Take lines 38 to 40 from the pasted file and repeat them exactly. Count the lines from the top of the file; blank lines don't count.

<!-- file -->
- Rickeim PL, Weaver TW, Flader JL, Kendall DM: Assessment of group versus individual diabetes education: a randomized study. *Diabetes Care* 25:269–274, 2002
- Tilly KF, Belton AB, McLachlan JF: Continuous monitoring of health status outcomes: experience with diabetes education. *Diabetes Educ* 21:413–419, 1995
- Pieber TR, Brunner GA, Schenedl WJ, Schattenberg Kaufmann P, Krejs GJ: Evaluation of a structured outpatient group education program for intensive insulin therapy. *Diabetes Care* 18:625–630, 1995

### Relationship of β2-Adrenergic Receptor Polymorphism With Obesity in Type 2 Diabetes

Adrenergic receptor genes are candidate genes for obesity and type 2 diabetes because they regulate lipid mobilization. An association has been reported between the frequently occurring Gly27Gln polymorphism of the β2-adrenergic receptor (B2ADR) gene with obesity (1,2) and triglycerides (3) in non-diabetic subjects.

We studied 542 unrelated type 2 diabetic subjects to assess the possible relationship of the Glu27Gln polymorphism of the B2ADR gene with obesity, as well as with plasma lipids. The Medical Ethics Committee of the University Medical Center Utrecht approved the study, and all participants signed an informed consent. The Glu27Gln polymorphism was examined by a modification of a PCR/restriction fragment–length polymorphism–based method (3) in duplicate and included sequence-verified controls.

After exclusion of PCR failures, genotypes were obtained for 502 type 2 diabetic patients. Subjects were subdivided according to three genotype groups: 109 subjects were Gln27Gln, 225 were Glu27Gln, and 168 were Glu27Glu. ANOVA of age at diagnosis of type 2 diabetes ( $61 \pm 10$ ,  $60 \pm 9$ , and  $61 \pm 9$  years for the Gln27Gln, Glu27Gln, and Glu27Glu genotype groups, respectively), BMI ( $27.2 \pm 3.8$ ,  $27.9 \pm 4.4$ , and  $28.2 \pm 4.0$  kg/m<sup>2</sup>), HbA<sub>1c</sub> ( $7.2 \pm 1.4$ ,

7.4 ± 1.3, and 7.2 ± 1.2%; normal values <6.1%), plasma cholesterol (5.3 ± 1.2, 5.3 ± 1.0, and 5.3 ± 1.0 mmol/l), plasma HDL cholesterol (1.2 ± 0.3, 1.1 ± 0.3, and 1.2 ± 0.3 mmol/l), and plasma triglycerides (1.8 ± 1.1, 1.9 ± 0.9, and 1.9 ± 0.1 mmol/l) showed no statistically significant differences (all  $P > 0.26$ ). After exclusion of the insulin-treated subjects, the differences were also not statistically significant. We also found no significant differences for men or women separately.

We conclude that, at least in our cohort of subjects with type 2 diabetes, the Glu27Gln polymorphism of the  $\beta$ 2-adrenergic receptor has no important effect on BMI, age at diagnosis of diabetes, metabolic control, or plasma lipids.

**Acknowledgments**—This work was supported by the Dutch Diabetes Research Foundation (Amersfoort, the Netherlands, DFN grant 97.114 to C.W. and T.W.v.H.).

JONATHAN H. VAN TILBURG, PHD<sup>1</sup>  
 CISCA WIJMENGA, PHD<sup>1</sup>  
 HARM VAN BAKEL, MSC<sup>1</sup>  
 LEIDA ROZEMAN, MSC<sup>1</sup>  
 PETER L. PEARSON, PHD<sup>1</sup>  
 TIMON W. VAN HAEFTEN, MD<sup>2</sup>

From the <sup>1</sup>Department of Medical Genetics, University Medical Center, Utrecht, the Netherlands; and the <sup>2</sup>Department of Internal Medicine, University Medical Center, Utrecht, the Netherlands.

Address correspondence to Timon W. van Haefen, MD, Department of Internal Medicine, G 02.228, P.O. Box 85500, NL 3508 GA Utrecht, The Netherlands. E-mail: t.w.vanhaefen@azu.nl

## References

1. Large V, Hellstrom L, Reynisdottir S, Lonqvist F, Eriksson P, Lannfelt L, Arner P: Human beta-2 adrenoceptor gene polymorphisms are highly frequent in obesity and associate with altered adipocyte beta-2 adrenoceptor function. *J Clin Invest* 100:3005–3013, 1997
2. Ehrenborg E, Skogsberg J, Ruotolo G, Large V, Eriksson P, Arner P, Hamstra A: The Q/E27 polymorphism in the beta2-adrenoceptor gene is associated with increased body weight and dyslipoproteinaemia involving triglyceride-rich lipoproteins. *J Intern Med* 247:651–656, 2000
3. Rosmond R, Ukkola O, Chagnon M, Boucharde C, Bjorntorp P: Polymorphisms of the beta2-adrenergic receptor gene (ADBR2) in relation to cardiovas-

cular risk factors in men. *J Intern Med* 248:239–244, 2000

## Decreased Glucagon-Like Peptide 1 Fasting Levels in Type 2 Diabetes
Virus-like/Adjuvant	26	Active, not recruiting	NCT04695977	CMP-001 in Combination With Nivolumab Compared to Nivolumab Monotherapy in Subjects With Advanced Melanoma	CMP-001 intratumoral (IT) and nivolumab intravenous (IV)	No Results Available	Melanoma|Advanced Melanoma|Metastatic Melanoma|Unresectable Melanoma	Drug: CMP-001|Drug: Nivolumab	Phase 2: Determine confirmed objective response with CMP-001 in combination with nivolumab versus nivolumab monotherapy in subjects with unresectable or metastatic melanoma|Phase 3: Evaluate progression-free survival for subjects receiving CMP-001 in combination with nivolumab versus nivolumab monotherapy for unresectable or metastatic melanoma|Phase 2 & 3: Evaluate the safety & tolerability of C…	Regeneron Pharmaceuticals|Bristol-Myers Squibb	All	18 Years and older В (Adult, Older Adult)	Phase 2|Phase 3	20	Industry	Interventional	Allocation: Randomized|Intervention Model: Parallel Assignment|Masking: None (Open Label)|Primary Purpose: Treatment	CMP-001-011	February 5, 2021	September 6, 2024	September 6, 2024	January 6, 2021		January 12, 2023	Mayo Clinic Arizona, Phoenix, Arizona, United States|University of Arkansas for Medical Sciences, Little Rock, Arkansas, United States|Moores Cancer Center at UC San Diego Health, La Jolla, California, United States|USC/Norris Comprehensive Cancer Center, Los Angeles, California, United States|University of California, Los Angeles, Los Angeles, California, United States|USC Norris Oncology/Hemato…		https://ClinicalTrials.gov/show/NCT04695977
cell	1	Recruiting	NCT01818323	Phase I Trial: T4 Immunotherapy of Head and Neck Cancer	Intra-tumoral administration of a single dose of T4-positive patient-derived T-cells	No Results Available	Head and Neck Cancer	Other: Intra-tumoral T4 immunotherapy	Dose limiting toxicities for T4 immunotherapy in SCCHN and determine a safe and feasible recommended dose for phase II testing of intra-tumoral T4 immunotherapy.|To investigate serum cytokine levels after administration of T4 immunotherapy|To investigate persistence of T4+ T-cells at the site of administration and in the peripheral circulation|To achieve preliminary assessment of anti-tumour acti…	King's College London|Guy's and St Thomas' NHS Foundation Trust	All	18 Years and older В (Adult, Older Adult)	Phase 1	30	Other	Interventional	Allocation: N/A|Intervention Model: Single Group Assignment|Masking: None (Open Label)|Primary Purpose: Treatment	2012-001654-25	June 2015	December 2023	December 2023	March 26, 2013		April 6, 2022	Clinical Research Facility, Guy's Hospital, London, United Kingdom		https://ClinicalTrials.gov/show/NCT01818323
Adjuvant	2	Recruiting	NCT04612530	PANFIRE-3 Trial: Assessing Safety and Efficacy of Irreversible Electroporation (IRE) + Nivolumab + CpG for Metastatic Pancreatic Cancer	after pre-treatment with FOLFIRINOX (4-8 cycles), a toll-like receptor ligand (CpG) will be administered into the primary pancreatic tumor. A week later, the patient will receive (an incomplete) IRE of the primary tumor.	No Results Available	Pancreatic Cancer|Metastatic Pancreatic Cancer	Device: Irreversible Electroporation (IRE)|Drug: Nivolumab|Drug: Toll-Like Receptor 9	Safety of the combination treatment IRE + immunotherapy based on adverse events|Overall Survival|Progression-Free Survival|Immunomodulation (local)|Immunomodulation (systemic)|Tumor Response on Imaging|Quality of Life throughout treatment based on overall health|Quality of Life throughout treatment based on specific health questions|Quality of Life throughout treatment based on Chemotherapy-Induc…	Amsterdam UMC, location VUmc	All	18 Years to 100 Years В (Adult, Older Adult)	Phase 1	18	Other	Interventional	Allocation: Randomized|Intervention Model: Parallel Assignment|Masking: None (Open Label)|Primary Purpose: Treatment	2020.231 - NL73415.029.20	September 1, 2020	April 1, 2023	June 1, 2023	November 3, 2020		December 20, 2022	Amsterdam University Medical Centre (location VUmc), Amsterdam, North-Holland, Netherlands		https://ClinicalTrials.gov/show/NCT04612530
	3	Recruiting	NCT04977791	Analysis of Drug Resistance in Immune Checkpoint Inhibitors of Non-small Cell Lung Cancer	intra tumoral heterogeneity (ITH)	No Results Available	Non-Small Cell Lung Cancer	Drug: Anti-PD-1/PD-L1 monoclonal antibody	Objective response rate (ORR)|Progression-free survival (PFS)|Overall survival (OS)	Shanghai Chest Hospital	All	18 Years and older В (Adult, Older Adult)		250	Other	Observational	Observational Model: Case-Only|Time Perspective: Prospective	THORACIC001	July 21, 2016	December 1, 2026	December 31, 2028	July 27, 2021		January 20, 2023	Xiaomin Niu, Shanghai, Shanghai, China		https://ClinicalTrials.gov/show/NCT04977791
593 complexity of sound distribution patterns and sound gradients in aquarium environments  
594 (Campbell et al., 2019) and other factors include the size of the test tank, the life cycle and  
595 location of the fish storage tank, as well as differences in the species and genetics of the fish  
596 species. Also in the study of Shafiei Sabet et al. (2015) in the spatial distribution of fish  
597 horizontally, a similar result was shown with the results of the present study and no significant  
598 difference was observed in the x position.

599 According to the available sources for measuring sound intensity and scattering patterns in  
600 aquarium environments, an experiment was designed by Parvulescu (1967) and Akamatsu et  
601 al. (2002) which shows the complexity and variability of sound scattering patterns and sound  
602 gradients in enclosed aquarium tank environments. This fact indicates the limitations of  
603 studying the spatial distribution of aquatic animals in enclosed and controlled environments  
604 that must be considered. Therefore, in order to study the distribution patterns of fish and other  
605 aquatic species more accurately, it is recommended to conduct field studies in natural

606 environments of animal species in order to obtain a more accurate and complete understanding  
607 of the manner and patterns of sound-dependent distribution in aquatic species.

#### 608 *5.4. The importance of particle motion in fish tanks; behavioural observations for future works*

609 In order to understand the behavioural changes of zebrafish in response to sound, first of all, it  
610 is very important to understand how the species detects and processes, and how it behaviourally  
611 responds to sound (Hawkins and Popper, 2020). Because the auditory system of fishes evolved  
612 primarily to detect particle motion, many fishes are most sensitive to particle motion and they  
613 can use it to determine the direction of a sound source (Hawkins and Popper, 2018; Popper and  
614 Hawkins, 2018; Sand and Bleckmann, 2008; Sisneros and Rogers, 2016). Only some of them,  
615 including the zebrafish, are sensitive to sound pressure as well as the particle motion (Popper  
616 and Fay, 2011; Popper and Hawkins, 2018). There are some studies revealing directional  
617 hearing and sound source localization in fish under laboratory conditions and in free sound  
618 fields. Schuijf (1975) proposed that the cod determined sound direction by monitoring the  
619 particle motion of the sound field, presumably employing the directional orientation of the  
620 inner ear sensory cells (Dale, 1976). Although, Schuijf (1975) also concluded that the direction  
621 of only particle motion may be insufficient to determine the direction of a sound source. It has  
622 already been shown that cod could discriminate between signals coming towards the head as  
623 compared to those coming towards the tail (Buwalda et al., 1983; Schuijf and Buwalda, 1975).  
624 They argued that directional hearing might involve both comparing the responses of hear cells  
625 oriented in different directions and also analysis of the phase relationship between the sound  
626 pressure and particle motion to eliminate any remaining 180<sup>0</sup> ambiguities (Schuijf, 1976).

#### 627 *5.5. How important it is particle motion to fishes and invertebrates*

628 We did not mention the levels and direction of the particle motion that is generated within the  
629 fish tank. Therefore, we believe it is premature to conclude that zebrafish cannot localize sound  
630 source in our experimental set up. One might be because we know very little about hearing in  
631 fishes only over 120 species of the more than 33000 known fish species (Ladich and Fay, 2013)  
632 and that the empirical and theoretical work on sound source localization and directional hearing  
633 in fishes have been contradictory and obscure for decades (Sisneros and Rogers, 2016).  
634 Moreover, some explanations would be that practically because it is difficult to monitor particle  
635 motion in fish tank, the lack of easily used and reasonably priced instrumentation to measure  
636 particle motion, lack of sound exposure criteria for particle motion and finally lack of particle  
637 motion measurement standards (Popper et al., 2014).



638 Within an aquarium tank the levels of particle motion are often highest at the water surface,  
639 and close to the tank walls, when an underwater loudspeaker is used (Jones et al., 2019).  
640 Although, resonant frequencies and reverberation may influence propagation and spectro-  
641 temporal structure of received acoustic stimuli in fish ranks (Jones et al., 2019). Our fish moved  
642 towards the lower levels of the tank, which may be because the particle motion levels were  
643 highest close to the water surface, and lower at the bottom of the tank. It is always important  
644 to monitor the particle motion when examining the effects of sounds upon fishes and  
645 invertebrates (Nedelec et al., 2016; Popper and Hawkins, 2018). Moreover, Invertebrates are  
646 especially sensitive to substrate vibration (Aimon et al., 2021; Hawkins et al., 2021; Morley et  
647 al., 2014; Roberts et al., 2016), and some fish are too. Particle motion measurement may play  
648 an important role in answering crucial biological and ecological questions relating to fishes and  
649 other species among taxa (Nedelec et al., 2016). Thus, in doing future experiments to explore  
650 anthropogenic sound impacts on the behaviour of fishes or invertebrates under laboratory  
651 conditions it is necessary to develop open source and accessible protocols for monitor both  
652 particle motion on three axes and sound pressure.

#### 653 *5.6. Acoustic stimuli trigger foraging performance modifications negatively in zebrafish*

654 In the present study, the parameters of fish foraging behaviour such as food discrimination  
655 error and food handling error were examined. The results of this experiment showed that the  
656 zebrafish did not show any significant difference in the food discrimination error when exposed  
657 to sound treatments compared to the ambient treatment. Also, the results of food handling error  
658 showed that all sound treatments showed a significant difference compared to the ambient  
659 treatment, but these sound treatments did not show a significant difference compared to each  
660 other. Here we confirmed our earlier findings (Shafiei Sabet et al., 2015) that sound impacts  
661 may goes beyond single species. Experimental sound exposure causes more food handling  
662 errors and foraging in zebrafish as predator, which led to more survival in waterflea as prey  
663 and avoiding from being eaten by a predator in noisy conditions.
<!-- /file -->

602 gradients in enclosed aquarium tank environments. This fact indicates the limitations of  
603 studying the spatial distribution of aquatic animals in enclosed and controlled environments  
604 that must be considered. Therefore, in order to study the distribution patterns of fish and other  